CG.org: You’ve performed all over the world in a variety of settings. What’s the most fun you’ve had on stage?
Gyan: That’s a tough question. But generally I think that for me, having fun on the stage is a result of being able to play with musicians who are great listeners and improvisers, and having a receptive audience. I can definitely have lots of fun playing solo too, but it’s always an added bonus to have other like-minded co-conspirators to bounce ideas off of.
CG.org: And the least fun?
Gyan: When I was 19, I played my first concert on a cruise ship, after spending the entire day vomiting from seasickness. There was a serious storm the night before and stretching into the day of the show, and the rough waters drove nearly everyone on the ship into a miserable state. The concert was decently attended considering the circumstances, but it was hard to keep it together while the ship was still rocking back and forth. At one point I had to duct tape my music stand to the floor because it kept sliding across the slick hardwood stage!
CG.org: Tell me about your guitars, and your approach to amplification—especially on how you approach a solo vs. an ensemble show (as I imagine sometimes things can get a bit loud!)
Gyan: When I play amplified solo classical guitar, I always just use a microphone becuase I think it sounds the most natural. But when playing in groups at any substantial volume, I find that compensating by using an active pickup (and possibly a mic in front of the guitar as well, if you can hear that signal and avoid bleeding) is almost always necessary, especially when particularly loud instruments are involved.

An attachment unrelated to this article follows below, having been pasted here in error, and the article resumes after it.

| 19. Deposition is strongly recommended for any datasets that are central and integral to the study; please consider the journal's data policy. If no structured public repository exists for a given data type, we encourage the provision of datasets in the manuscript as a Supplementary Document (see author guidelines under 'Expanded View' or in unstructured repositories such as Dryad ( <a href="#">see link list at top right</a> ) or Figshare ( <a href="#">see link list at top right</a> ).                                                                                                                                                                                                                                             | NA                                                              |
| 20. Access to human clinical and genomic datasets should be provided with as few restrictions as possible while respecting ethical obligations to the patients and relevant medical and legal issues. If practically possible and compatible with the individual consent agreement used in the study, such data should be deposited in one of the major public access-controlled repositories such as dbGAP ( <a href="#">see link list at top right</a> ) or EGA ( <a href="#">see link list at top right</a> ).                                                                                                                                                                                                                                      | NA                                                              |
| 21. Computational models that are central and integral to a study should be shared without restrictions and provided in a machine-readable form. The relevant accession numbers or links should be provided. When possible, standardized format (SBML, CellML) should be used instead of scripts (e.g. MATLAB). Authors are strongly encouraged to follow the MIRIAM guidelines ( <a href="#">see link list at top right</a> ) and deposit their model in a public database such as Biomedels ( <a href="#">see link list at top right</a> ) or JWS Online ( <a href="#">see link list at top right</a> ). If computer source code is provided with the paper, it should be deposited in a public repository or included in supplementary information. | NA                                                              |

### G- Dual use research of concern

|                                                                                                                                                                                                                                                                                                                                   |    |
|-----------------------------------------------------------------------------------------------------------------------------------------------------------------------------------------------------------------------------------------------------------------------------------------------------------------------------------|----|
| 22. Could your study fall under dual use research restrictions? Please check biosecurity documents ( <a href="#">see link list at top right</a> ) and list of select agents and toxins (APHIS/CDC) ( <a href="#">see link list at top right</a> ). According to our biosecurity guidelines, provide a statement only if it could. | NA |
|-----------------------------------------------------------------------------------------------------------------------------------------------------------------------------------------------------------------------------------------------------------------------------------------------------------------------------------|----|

CG.org: What are you current projects and upcoming releases?
Gyan: I have a brand new new trio project that I’m really happy about. It’s called Eviyan, with singer/violinist Iva Bittová and clarinetist (and Bang On A Can founder) Evan Ziporyn. We are all composers and improvisers, and the combination of these creative forces is really exciting. I have a duo project called Pluck with Chinese guzheng player/singer Wu Fei (we released our first, self-titled, digital only recording last year), a duo with percussionist David Cossin called SuperBalls, and an ongoing duo collaboration with my dad. I play in an electric guitar quartet called Dither, and a 5-piece classical Arabic rock group called Al-Madar, led by Lebanese composer/oud player/flutist Bassam Saba. I am also a member of the Falla Guitar Trio, with Adam del Monte and Kenton Youngstrom. We released an album last year called Excursions.
CG.org: Looks like you’re keeping busy. To our readers—be sure to check out some of Gyan’s projects!
Two giants of twentieth century music left us within a week of each other a few weeks ago. Hans Werner Henze died in Dresden, on October 26; Carter followed him within a ten-day, as he passed away at his NY home on November 5th, at the youthful age of 103.